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Coastal profiles of South Australia
Title : Coastal profiles of South Australia Coastal profiles of South Australia
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Creator : Westall, William, 1781-1850
Source : A voyage to Terra Australis ... , Atlas, plate 15
Place Of Creation : Adelaide
Publisher : Libraries Board of South Australia
Date of creation : 1966
Additional Creator : Flinders, Matthew, 1774-1814
Format : Book
Catalogue record
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William Westall's coastal profiles for Matthew Flinders's voyage of discovery cover Cape Catastrophe, the Flinders Ranges, Cape Jervis and Kangaroo Island. The first profile shows Cape Wiles which was discovered and named on 18 February 1802. It marks the western end of Sleaford Bay with Liguanea Island to the south west. The second of this series of coastal profiles shows Cape Catastrophe, with Williams Island to the south. This cape was named for the accident that occurred here when the lives of the ship's master John Thistle and seven other seamen were lost. The nearby islands were named for the seamen lost with him when their cutter overturned in the dangerous tidal eddies off the cape. Thistle Island is the third profile. The dramatic peaks of the Flinders Ranges are the fourth profile. Flinders named only Mount Arden and Mount Brown. Kangaroo Island's Kangaroo Head forms the fifth profile on the sheet: this is near modern day Penneshaw. Cape Jervis is the final coastal profile for South Australia. In the days before photography the depiction of newly discovered coasts in coastal profiles was a valuable aid for later navigators on these coasts and enabled them to determine with greater accuracy where they were.

William Westall was still a student at the Royal Academy when he was selected as the landscape artist for the Flinders' voyage of discovery. At nineteen years of age, he was the youngest member of the scientific staff on the Investigator. Westall was born on 12 October 1781 at Hertford in England, and was taught drawing by his elder half-brother, an established and successful artist and teacher. It was expected that as the landscape artist to the expedition, Westall would paint landscapes and figures that would clearly delineate Australia and its inhabitants. He was responsible also for recording the coastal profiles that would benefit later navigators. Westall's output for the southern Australian leg of the voyage was not as rich as might be expected for an artist on the 'unknown coast'. It has been said that he was not inspired by the drab Australian bush, and this can be seen in his sketches, which he frequently merged to produce something more picturesque. He certainly produced a greater body of work on the eastern and northern coasts. When Flinders returned to England aboard the Porpoise, Westall returned with him, and some of his work was damaged in the wreck off the coast of Queensland. Westall decided to continue his return to England via China, while his drawings were taken on to England. He returned to England in 1805, prepared a painting for a Royal Academy exhibition, and later travelled to Madeira and Jamaica. He painted nine pictures for reproduction in Flinders' Voyage to Terra Australis (1814). In his later life, he exhibited his work from time to time, but was never a successful artist. He died on 20 January 1850.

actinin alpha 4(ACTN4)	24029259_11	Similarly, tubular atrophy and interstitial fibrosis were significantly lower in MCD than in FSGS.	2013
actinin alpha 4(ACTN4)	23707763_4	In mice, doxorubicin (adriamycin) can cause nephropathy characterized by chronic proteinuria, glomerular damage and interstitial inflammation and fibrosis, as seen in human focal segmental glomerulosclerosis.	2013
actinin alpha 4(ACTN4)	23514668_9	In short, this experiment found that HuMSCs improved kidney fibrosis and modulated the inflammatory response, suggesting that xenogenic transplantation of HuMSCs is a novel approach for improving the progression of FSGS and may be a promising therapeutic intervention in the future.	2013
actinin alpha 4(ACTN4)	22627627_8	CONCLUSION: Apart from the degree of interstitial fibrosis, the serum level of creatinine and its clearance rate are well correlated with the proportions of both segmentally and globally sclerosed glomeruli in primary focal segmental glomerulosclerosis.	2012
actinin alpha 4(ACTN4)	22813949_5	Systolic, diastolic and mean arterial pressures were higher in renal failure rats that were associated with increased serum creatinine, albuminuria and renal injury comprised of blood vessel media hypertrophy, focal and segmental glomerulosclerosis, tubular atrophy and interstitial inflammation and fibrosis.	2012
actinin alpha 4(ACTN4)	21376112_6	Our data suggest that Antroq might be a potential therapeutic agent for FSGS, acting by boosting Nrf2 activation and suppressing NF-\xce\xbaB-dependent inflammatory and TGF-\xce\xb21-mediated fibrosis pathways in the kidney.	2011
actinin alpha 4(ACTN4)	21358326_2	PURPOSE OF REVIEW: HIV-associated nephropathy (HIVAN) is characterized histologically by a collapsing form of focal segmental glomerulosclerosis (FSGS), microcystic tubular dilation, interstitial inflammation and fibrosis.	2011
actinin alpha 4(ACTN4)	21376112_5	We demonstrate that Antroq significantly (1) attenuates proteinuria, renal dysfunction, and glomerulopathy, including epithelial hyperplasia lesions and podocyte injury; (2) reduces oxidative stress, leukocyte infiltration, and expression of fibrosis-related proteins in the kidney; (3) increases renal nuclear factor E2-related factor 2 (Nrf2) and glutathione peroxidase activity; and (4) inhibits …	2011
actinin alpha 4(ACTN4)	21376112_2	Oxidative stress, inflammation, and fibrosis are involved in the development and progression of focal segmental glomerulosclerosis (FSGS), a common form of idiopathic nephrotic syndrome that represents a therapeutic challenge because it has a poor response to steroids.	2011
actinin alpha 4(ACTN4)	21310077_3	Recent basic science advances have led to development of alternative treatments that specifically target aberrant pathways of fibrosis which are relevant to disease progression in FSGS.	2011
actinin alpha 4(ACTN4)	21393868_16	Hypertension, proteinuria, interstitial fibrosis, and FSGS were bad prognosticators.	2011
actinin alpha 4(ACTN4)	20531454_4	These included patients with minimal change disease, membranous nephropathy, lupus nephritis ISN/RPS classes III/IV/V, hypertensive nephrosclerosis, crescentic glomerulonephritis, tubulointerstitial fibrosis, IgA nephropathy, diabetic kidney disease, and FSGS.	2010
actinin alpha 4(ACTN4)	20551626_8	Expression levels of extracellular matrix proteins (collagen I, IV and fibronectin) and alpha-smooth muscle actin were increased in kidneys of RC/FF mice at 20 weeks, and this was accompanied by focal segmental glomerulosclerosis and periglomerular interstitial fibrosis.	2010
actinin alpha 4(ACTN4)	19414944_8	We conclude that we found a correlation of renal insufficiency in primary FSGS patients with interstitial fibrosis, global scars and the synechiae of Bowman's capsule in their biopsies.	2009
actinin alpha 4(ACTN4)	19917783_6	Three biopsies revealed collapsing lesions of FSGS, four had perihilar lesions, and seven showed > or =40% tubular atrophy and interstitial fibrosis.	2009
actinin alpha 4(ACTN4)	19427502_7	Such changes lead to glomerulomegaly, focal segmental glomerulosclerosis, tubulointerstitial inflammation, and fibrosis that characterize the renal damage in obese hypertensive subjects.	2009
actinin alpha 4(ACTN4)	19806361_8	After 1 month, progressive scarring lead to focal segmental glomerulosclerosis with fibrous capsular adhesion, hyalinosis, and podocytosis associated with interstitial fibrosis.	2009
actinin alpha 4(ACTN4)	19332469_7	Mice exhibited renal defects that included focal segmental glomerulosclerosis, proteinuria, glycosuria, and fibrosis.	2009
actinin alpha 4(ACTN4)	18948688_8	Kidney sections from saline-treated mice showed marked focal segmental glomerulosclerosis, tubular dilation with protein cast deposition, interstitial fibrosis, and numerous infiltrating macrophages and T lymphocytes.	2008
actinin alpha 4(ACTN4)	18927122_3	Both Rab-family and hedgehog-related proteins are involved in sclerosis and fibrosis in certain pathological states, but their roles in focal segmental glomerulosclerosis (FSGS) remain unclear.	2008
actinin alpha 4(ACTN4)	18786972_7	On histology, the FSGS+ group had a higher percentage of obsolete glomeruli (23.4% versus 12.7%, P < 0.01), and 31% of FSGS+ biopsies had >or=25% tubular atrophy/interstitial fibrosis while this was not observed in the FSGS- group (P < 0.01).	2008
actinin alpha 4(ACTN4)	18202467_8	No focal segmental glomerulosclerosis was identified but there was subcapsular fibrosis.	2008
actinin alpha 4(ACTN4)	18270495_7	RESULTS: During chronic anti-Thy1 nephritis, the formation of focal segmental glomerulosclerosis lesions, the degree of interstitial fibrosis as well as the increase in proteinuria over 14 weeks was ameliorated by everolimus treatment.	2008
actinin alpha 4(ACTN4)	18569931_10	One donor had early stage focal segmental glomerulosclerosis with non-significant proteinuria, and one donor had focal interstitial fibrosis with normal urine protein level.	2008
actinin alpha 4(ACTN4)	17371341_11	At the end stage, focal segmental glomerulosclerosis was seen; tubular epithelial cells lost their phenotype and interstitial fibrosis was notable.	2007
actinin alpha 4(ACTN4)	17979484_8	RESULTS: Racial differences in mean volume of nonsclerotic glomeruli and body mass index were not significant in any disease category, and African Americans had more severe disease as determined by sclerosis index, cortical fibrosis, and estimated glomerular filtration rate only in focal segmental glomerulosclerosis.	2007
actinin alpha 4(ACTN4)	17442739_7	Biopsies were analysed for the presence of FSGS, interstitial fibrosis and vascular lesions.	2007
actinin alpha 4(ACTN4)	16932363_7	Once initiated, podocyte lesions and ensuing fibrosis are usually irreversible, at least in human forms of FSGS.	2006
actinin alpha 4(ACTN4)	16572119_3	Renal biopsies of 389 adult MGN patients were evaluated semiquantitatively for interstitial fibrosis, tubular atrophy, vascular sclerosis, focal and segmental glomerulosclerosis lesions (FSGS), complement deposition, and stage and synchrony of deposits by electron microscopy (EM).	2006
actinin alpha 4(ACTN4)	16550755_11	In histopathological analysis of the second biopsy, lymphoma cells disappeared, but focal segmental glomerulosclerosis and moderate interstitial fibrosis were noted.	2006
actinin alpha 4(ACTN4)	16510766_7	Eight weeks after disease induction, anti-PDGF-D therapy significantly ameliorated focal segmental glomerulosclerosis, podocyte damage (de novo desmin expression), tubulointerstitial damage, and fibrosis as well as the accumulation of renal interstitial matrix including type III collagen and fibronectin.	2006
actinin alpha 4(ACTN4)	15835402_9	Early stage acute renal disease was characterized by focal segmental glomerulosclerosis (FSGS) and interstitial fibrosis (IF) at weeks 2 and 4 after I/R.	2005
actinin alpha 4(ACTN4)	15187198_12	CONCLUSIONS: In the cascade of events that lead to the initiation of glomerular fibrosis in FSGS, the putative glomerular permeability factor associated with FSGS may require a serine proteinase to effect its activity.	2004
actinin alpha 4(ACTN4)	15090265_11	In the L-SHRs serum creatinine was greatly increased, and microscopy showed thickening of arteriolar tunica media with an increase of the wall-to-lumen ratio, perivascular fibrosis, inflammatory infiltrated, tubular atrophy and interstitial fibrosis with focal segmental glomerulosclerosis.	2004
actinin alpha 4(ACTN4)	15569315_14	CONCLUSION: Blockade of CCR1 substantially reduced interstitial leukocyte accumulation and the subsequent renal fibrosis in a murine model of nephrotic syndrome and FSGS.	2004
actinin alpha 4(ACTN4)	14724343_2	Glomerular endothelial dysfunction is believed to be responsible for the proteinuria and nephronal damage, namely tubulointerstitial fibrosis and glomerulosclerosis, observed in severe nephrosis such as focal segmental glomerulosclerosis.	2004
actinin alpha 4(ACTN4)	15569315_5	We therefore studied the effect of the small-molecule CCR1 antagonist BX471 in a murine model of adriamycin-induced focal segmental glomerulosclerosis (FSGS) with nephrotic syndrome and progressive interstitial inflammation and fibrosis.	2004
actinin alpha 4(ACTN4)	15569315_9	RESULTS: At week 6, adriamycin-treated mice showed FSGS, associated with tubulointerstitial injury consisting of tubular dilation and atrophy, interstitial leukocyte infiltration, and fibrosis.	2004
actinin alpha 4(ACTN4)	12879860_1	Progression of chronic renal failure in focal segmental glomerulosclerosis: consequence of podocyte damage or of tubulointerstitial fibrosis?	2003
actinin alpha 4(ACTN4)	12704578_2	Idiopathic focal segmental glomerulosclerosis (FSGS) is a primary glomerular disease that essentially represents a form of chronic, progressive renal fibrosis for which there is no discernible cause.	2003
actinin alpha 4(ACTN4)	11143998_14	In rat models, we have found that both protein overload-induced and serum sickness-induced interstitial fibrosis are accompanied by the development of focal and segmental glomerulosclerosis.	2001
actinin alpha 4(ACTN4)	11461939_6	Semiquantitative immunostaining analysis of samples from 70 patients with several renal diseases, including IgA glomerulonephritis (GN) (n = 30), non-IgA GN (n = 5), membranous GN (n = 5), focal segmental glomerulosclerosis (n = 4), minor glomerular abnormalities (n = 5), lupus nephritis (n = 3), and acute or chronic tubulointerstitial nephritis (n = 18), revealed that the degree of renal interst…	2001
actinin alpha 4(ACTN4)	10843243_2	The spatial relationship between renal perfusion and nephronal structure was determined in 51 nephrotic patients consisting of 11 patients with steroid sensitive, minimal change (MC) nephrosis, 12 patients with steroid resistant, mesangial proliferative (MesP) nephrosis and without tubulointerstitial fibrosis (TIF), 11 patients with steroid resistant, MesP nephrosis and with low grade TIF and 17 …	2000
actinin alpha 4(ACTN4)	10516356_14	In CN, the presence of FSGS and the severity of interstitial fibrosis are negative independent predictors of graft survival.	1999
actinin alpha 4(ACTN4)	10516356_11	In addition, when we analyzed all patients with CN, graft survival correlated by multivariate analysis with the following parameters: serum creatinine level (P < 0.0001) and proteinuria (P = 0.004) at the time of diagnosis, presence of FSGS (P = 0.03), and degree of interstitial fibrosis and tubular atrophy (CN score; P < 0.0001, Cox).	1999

Related names :

Flinders, Matthew, 1774-1814

Westall, William, 1781-1850

Coverage year : 1802
Place : South Australia
Further reading :

Flinders, Matthew, A voyage to Terra Australis ... Adelaide: Libraries Board of South Australia, 1966

The Encounter, 1802: art of the Flinders and Baudin voyages [compiled by] Sarah Thomas Adelaide: Art Gallery of South Australia, 2002

Findlay, Elisabeth, Arcadian quest: William Westall's Australian sketches Parkes, A.C.T.: National Library of Australia, 1998

Westall, William, Drawings by William Westall, landscape artist on board H.M.S. Investigator during the circumnavigation of Australia by Captain Matthew Flinders, R.N., in 1801-1803 London: Royal Commonwealth Society, 1962

Internet links :
Exhibitions and events :

State LIbrary of South Australia: Mortlock Wing. Taking it to the edge August 2004-



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